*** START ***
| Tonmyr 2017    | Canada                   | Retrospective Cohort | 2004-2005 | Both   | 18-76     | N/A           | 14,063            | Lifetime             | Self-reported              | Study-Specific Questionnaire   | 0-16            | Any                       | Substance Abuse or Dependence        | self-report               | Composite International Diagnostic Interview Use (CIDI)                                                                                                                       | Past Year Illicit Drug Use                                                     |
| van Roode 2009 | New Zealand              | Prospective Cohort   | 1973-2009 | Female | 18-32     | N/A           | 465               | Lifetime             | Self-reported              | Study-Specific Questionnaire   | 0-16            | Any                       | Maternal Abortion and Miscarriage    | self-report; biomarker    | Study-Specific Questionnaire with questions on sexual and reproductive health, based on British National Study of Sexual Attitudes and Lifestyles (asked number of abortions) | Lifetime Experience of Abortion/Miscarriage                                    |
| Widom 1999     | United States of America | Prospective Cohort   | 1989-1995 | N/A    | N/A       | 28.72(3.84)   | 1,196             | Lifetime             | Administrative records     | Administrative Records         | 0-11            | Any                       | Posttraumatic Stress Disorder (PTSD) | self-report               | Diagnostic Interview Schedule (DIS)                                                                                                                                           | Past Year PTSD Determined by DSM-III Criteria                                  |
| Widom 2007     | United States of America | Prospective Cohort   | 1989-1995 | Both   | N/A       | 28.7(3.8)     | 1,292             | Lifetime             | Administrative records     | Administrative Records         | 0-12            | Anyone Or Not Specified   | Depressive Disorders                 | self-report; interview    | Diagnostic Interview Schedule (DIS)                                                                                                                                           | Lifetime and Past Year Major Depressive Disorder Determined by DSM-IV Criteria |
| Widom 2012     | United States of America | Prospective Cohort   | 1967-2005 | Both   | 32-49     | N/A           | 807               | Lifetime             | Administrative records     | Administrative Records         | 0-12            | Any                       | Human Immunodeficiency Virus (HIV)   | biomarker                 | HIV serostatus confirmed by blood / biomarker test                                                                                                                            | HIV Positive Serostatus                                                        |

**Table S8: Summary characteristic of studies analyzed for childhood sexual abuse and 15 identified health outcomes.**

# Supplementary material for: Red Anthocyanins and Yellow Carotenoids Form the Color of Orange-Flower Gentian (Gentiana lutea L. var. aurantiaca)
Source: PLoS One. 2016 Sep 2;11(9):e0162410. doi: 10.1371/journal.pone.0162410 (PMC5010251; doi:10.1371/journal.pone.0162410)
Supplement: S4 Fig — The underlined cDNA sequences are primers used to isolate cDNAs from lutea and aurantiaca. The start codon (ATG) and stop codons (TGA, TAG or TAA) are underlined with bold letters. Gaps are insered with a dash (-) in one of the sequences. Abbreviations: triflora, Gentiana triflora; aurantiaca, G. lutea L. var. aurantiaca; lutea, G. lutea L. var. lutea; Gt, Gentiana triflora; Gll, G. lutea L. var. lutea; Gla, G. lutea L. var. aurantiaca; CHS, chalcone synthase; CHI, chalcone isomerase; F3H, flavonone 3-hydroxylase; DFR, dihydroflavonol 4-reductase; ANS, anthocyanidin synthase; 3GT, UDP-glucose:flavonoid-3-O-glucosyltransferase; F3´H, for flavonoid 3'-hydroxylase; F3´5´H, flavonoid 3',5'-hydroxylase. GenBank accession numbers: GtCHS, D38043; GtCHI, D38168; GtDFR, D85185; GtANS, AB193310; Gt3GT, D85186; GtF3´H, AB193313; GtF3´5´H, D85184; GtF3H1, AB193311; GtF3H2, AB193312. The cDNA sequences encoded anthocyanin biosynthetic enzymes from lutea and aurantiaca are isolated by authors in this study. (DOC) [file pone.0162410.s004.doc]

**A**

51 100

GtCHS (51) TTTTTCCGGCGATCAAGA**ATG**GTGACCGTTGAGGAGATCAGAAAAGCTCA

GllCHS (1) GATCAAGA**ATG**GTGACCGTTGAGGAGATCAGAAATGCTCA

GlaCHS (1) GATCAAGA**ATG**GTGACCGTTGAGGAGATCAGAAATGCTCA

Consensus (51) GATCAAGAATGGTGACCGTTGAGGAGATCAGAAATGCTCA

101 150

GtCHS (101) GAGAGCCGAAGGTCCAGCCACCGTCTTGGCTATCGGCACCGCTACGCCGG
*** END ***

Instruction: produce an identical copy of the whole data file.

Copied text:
| Tonmyr 2017    | Canada                   | Retrospective Cohort | 2004-2005 | Both   | 18-76     | N/A           | 14,063            | Lifetime             | Self-reported              | Study-Specific Questionnaire   | 0-16            | Any                       | Substance Abuse or Dependence        | self-report               | Composite International Diagnostic Interview Use (CIDI)                                                                                                                       | Past Year Illicit Drug Use                                                     |
| van Roode 2009 | New Zealand              | Prospective Cohort   | 1973-2009 | Female | 18-32     | N/A           | 465               | Lifetime             | Self-reported              | Study-Specific Questionnaire   | 0-16            | Any                       | Maternal Abortion and Miscarriage    | self-report; biomarker    | Study-Specific Questionnaire with questions on sexual and reproductive health, based on British National Study of Sexual Attitudes and Lifestyles (asked number of abortions) | Lifetime Experience of Abortion/Miscarriage                                    |
| Widom 1999     | United States of America | Prospective Cohort   | 1989-1995 | N/A    | N/A       | 28.72(3.84)   | 1,196             | Lifetime             | Administrative records     | Administrative Records         | 0-11            | Any                       | Posttraumatic Stress Disorder (PTSD) | self-report               | Diagnostic Interview Schedule (DIS)                                                                                                                                           | Past Year PTSD Determined by DSM-III Criteria                                  |
| Widom 2007     | United States of America | Prospective Cohort   | 1989-1995 | Both   | N/A       | 28.7(3.8)     | 1,292             | Lifetime             | Administrative records     | Administrative Records         | 0-12            | Anyone Or Not Specified   | Depressive Disorders                 | self-report; interview    | Diagnostic Interview Schedule (DIS)                                                                                                                                           | Lifetime and Past Year Major Depressive Disorder Determined by DSM-IV Criteria |
| Widom 2012     | United States of America | Prospective Cohort   | 1967-2005 | Both   | 32-49     | N/A           | 807               | Lifetime             | Administrative records     | Administrative Records         | 0-12            | Any                       | Human Immunodeficiency Virus (HIV)   | biomarker                 | HIV serostatus confirmed by blood / biomarker test                                                                                                                            | HIV Positive Serostatus                                                        |

**Table S8: Summary characteristic of studies analyzed for childhood sexual abuse and 15 identified health outcomes.**

# Supplementary material for: Red Anthocyanins and Yellow Carotenoids Form the Color of Orange-Flower Gentian (Gentiana lutea L. var. aurantiaca)
Source: PLoS One. 2016 Sep 2;11(9):e0162410. doi: 10.1371/journal.pone.0162410 (PMC5010251; doi:10.1371/journal.pone.0162410)
Supplement: S4 Fig — The underlined cDNA sequences are primers used to isolate cDNAs from lutea and aurantiaca. The start codon (ATG) and stop codons (TGA, TAG or TAA) are underlined with bold letters. Gaps are insered with a dash (-) in one of the sequences. Abbreviations: triflora, Gentiana triflora; aurantiaca, G. lutea L. var. aurantiaca; lutea, G. lutea L. var. lutea; Gt, Gentiana triflora; Gll, G. lutea L. var. lutea; Gla, G. lutea L. var. aurantiaca; CHS, chalcone synthase; CHI, chalcone isomerase; F3H, flavonone 3-hydroxylase; DFR, dihydroflavonol 4-reductase; ANS, anthocyanidin synthase; 3GT, UDP-glucose:flavonoid-3-O-glucosyltransferase; F3´H, for flavonoid 3'-hydroxylase; F3´5´H, flavonoid 3',5'-hydroxylase. GenBank accession numbers: GtCHS, D38043; GtCHI, D38168; GtDFR, D85185; GtANS, AB193310; Gt3GT, D85186; GtF3´H, AB193313; GtF3´5´H, D85184; GtF3H1, AB193311; GtF3H2, AB193312. The cDNA sequences encoded anthocyanin biosynthetic enzymes from lutea and aurantiaca are isolated by authors in this study. (DOC) [file pone.0162410.s004.doc]

**A**

51 100

GtCHS (51) TTTTTCCGGCGATCAAGA**ATG**GTGACCGTTGAGGAGATCAGAAAAGCTCA

GllCHS (1) GATCAAGA**ATG**GTGACCGTTGAGGAGATCAGAAATGCTCA

GlaCHS (1) GATCAAGA**ATG**GTGACCGTTGAGGAGATCAGAAATGCTCA

Consensus (51) GATCAAGAATGGTGACCGTTGAGGAGATCAGAAATGCTCA

101 150

GtCHS (101) GAGAGCCGAAGGTCCAGCCACCGTCTTGGCTATCGGCACCGCTACGCCGG